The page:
The bodhisattva of compassion is seated on a large lotus over a rocky formation, holding a lotus bud in his left hand, the right hand held in the varada mudra (generosity), dressed in a long dhoti, wearing two different earrings, a necklace and bracelets, an effigy of Amitabha in his headdress.
Apart from the fine pleating of his garment, there are several elements reminiscent of Swat Valley works such as the dark colour of the metal, almost black, and the fan-shaped hair style. The remaining hair is gathered into thick plaits on each side of his head.
This is Avalokiteshvara with one head and four hands in his ‘Avalokita’ form, with the lower right hand doing the varada mudra, the upper right hand holding a (broken) lotus, the right hands holding a lasso and a lotus bud. He is seated with a leg pendant, on a Swat Valley style lion throne on a lotus and plain plinth. He wears a crown adorned with large rosettes and matching floral earrings, necklace and armbands, plain bracelets and a sacred thread.
Avalokiteshvara is identified through the effigy of Amitabha on his head, the antelope skin over his left shoulder and the (broken) lotus in his left hand. The right hand appears to have held an object too. He has silver-inlaid eyes and traces of cold gold on his face. Part of his hair is fastened into three top knots in the manner of Indian adepts and the rest forms long plaits on each side of the head.The thin waist, lobed abdomen with cruciform navel, developed torso with marked pectorals are typical of Kashmir.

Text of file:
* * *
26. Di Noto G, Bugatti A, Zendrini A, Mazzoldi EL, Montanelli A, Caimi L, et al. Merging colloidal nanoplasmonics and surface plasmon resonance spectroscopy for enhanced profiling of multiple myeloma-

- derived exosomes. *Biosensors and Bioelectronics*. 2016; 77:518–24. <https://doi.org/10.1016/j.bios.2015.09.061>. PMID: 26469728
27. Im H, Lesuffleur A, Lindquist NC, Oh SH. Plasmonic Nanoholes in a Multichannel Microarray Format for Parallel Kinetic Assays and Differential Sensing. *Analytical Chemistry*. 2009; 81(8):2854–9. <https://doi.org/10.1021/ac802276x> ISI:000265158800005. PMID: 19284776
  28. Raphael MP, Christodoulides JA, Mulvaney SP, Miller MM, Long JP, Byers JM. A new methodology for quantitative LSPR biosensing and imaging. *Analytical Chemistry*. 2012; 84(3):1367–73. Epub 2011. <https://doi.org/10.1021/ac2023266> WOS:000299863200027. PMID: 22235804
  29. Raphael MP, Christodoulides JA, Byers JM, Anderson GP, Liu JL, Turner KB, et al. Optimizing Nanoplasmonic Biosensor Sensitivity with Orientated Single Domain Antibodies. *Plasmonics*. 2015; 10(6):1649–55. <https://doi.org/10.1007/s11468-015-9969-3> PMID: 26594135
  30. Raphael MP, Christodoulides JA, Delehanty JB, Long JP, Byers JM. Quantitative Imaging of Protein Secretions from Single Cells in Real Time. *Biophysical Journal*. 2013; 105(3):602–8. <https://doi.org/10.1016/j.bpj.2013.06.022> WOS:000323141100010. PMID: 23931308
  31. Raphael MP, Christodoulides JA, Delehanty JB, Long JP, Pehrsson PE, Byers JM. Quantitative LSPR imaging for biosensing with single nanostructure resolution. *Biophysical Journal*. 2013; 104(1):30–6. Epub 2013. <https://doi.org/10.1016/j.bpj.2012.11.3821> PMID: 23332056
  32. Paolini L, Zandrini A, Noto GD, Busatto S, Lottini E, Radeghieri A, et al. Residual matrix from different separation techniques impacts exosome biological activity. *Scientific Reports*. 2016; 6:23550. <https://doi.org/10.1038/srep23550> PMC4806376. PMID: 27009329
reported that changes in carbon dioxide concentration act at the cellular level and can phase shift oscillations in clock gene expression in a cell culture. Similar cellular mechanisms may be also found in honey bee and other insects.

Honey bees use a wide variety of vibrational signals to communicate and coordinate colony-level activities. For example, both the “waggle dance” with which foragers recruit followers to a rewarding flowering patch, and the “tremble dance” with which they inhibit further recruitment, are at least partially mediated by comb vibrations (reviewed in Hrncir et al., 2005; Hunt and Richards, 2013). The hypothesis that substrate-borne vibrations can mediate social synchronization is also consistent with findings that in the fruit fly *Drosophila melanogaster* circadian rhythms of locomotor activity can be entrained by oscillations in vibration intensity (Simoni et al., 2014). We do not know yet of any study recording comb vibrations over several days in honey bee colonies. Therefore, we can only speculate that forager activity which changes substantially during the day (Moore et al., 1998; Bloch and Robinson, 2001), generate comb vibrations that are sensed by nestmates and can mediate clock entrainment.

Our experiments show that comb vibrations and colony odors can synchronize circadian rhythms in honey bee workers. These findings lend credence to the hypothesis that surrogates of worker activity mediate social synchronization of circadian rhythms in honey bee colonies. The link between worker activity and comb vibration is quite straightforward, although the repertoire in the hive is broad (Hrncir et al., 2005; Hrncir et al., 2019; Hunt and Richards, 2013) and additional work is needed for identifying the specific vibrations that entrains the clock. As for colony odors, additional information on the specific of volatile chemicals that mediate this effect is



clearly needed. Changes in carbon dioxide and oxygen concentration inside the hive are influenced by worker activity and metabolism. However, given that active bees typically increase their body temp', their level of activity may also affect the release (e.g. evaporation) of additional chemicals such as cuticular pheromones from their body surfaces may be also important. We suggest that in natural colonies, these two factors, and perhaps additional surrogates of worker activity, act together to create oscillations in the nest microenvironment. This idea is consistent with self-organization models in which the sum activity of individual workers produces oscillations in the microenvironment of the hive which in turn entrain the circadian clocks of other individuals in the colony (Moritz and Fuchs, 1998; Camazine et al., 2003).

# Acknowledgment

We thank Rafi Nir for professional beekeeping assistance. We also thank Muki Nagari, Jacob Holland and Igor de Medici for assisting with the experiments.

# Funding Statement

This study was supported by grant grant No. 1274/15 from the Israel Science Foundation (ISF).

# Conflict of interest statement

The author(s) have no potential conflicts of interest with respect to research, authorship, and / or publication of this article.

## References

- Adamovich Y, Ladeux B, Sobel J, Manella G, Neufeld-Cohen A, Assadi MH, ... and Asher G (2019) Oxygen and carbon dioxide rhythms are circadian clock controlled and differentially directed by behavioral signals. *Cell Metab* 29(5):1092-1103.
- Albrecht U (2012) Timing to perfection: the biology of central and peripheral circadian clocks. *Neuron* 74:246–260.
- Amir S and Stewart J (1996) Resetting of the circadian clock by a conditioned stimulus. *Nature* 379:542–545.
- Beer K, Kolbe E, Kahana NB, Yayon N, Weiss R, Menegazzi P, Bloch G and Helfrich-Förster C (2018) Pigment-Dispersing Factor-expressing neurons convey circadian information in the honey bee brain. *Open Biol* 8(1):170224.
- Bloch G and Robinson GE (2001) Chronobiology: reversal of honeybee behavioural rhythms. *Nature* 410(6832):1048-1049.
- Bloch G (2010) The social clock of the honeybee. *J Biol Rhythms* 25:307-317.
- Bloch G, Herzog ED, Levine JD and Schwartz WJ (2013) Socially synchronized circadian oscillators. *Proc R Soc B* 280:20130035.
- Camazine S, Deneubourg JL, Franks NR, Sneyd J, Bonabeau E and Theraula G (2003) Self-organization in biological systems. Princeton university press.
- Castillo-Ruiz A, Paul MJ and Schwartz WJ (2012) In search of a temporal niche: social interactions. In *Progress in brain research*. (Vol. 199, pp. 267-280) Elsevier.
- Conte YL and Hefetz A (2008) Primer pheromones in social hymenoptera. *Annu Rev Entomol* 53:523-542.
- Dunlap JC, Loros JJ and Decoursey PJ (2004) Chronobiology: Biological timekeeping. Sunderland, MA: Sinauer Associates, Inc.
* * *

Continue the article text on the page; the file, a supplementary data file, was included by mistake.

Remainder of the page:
The standing female figures next to him wear a tight-fitting bodice with an inverted U-shaped lower hem that shows their navel.
This is a similar image without the attendants, on a rocky formation with two deers at the front.
This one-head and six-arm form, referred to as ‘Sugatisamdarshana (or Sugatisa Darsana) Lokeshvara’, is seated on a cylindrical base, with a leg pendant, the foot resting on a lotus. His lower right hand does the varada mudra, there is a rosary in the upper right hand, the other appears to have held a vajra. The left hands hold a the stem of a lotus flower, a water pot and another attribute (possibly an elephant hook). There are two seated attendants next to him and two standing figures, likely to be the donors. There is a long stem rising from the pedestal and going over the flaming mandorla.
11th-12th century, Kashmir, brass, Avalokiteshvara, private collection, published on Himalayan Art Resources.
Avalokiteshvara in his popular padmapani form, the right hand held in the gesture of supreme generosity, a lotus in his left hand, has an effigy of Amitabha in his headdress and an antelope skin over his left shoulder.
The eyes are inlaid with silver, the lips and nipples with copper.